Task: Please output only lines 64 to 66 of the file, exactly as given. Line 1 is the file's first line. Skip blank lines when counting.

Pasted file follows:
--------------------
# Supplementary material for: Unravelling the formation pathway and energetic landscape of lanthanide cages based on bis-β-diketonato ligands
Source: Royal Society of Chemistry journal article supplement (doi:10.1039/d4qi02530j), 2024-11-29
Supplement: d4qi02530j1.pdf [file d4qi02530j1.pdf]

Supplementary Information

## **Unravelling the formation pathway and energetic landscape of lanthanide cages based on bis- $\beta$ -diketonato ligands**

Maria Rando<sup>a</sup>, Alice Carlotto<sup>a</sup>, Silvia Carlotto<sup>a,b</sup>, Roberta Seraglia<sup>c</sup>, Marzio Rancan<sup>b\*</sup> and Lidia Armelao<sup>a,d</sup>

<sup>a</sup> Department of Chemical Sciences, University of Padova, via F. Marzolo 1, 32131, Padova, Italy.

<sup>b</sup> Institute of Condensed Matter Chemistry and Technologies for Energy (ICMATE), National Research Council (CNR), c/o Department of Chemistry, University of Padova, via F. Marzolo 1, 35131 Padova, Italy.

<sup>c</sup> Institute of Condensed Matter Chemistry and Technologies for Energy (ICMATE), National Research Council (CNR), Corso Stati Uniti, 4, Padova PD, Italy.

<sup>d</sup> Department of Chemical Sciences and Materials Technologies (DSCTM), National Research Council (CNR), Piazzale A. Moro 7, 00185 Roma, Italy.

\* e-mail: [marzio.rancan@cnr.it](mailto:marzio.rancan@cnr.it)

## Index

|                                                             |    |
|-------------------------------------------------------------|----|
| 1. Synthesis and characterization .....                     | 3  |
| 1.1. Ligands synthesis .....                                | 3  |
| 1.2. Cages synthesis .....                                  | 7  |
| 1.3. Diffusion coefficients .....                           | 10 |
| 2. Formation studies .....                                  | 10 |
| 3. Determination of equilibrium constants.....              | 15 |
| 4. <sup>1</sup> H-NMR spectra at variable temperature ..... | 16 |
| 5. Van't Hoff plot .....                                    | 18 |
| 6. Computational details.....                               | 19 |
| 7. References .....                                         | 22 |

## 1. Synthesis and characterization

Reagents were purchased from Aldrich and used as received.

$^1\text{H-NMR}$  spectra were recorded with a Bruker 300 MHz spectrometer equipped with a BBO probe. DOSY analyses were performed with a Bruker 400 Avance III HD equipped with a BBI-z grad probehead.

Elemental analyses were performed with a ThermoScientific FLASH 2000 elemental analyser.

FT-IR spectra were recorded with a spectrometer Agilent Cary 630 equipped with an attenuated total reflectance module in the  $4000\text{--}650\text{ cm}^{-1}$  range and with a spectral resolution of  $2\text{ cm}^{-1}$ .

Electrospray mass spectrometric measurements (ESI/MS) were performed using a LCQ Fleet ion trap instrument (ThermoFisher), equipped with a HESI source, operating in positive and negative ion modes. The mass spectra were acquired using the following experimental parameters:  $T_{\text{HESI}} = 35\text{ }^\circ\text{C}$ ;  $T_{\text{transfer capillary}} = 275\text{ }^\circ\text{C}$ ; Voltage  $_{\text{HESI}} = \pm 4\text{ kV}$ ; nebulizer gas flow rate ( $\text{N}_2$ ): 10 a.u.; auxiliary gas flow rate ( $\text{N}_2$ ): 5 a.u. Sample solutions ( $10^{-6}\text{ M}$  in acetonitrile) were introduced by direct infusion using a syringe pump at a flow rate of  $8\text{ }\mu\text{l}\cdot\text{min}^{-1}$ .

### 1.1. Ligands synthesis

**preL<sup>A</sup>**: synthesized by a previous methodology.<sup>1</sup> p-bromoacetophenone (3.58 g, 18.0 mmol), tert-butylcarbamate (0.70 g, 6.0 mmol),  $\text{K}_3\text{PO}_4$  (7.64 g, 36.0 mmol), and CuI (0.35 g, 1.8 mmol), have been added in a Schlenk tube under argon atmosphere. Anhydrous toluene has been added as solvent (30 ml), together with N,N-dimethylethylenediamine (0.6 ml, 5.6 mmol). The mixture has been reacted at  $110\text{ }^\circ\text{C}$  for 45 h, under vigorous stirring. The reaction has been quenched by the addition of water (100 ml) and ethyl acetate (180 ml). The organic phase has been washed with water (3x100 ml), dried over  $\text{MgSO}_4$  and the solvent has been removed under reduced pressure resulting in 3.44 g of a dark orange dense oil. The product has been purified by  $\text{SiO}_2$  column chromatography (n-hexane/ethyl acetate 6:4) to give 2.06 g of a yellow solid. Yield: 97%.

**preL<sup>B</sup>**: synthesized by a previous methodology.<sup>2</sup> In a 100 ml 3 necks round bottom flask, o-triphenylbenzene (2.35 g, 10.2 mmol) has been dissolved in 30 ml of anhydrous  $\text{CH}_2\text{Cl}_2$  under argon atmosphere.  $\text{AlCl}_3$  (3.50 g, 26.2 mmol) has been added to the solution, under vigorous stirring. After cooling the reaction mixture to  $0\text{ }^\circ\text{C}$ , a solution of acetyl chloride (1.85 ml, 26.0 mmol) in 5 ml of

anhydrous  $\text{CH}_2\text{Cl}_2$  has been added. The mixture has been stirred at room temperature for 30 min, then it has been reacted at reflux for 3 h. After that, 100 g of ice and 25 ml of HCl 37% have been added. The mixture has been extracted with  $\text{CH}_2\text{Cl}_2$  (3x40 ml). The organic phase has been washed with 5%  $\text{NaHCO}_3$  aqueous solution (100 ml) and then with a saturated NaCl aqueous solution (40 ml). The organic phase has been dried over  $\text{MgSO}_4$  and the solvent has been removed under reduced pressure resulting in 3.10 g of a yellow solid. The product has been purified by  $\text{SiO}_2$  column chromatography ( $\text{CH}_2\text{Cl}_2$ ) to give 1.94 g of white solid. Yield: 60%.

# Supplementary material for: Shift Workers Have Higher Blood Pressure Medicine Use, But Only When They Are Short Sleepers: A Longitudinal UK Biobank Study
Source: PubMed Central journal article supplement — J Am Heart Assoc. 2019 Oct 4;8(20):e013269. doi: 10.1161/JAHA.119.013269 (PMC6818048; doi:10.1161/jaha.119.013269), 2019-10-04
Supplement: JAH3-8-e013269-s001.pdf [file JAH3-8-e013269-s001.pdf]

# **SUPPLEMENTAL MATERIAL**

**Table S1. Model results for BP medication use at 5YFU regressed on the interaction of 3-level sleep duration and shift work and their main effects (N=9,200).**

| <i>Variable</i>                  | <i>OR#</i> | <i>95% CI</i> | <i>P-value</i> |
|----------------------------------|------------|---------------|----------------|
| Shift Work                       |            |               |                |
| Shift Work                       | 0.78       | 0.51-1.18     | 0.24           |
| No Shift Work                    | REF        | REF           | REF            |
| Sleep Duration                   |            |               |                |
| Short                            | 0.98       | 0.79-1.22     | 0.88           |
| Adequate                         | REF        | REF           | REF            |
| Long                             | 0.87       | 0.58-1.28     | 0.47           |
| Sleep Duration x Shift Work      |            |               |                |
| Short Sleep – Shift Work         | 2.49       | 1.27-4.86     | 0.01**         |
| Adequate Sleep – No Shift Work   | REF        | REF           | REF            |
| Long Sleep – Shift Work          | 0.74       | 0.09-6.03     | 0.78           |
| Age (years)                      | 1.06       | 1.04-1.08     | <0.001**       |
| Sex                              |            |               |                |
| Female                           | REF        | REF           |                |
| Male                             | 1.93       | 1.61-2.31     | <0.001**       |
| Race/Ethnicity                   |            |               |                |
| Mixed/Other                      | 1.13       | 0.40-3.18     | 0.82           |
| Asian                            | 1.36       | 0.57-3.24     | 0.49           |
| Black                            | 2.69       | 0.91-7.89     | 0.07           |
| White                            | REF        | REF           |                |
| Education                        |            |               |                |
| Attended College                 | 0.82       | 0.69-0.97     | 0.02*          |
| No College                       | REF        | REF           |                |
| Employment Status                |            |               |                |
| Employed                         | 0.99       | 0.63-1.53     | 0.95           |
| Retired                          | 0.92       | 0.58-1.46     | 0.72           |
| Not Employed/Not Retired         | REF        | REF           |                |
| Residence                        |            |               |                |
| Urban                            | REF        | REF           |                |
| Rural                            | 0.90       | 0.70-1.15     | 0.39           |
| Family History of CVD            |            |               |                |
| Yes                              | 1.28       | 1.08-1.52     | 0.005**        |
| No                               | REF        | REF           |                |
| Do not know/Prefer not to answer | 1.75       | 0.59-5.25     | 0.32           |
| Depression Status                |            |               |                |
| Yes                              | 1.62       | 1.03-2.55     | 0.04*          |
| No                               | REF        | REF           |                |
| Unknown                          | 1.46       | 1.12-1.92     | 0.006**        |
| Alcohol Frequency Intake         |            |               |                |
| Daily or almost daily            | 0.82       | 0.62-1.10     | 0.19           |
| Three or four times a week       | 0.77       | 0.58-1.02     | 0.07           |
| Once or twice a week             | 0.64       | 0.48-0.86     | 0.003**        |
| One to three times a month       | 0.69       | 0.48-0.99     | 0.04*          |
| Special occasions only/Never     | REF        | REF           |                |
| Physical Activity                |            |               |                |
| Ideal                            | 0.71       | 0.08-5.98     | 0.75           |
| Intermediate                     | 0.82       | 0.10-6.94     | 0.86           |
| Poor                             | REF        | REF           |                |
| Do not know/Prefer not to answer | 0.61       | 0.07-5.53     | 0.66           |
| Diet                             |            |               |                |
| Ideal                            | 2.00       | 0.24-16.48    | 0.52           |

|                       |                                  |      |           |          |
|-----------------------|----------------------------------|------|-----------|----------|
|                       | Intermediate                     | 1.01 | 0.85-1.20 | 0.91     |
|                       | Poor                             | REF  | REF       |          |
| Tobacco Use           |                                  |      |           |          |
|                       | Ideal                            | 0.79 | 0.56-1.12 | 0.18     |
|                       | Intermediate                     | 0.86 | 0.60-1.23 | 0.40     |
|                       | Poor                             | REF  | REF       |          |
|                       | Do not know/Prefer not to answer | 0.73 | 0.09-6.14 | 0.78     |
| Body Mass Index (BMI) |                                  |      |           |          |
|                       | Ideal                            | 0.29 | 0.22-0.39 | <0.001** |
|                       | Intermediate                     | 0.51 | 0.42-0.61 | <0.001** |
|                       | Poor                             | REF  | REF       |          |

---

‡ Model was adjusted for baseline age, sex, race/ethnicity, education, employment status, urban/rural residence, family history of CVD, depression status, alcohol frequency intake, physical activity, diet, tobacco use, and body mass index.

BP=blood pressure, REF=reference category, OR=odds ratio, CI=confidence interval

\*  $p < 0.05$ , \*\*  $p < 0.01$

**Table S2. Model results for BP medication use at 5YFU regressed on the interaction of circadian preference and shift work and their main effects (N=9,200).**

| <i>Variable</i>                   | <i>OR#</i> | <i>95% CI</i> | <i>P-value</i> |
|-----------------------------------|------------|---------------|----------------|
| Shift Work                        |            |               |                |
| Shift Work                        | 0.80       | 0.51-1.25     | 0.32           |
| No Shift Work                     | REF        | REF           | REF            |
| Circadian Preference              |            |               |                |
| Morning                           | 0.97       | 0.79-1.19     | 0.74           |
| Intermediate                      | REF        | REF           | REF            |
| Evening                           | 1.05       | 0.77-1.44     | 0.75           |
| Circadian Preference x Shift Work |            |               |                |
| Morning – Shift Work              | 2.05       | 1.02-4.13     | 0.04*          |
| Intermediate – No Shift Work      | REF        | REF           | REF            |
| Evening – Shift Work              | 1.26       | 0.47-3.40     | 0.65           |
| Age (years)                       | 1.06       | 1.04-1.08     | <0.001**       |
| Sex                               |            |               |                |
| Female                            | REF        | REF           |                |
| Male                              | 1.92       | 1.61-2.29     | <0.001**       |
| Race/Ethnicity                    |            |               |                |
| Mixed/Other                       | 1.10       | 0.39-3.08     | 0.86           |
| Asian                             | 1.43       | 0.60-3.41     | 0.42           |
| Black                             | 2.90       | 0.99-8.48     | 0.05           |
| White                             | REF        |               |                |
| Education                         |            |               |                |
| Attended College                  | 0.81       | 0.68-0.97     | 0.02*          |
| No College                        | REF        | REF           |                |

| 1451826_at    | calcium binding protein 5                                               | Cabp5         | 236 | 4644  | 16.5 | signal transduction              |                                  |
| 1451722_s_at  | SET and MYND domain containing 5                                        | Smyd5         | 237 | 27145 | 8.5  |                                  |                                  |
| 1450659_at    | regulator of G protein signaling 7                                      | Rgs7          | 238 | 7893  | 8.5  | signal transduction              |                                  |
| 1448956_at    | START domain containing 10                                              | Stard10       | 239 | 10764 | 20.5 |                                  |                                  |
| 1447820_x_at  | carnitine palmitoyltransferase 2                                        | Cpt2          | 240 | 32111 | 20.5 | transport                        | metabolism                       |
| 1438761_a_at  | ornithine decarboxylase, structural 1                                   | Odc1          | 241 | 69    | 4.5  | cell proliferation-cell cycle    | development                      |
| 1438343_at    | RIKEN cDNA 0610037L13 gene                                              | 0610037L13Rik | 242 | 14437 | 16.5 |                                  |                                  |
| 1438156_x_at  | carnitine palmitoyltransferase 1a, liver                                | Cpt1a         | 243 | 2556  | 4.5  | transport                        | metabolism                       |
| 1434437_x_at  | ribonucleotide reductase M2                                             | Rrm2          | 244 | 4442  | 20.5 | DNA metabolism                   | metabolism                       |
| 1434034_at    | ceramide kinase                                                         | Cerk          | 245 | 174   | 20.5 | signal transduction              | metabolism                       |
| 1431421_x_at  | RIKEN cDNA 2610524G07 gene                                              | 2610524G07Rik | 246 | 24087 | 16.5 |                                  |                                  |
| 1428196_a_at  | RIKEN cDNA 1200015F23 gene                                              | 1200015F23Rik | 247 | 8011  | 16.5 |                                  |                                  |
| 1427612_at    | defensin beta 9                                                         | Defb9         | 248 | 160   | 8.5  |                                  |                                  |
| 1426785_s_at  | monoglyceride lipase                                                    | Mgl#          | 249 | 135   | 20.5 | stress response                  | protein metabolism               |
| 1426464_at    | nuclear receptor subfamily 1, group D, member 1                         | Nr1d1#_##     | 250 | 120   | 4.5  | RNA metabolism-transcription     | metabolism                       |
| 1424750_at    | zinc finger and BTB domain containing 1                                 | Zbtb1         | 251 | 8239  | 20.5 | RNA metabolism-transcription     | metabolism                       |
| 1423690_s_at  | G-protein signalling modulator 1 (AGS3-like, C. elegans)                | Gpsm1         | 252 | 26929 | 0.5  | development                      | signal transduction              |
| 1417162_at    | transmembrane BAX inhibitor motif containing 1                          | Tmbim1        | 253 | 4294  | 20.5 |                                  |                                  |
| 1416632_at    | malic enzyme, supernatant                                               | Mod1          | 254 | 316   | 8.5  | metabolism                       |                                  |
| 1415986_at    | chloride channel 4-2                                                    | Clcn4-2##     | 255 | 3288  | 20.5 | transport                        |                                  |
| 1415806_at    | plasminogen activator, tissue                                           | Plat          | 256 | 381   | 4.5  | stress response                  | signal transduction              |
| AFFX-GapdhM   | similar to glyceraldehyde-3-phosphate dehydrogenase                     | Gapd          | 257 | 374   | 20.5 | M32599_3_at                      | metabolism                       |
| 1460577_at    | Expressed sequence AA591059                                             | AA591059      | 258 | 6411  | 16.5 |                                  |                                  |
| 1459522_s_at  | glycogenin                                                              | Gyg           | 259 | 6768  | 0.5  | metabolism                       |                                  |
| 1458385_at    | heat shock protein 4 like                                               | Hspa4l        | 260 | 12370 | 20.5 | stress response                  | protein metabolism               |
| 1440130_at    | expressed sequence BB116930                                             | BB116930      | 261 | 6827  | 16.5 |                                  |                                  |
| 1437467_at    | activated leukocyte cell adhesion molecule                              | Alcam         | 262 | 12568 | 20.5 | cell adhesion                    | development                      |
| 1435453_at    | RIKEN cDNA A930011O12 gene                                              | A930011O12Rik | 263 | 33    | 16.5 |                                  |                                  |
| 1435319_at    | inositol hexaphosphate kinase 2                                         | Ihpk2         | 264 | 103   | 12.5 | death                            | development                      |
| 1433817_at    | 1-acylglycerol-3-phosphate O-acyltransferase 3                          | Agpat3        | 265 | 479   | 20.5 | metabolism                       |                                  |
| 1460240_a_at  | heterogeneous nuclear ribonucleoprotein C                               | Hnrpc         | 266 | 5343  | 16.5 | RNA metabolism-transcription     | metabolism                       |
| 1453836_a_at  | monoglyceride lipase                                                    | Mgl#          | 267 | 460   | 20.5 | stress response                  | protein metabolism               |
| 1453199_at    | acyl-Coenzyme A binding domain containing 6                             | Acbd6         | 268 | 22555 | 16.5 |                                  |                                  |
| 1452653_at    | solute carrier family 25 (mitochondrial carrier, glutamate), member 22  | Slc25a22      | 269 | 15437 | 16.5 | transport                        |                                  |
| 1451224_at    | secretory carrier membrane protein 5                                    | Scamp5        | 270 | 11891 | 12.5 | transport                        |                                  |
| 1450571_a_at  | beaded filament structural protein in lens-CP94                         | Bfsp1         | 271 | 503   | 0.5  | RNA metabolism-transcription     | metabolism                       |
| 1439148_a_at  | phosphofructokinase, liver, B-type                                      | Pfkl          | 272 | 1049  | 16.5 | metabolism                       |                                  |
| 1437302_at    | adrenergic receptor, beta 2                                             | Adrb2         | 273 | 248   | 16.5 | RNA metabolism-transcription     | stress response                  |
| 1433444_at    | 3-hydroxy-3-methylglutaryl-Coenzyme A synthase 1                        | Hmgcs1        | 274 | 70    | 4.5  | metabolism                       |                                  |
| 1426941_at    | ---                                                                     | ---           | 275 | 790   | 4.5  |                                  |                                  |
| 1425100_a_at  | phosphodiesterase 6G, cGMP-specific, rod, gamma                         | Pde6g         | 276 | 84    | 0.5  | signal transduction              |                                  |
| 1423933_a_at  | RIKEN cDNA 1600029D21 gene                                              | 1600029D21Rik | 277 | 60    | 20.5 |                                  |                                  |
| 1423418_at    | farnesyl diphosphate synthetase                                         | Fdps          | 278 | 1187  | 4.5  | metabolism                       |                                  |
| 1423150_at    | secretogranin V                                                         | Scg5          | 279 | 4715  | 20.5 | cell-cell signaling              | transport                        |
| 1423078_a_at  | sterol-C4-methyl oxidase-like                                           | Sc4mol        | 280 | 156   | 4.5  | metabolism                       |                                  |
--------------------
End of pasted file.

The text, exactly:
| No College                       | REF        | REF           |                |
| Employment Status                |            |               |                |
| Employed                         | 0.99       | 0.63-1.53     | 0.95           |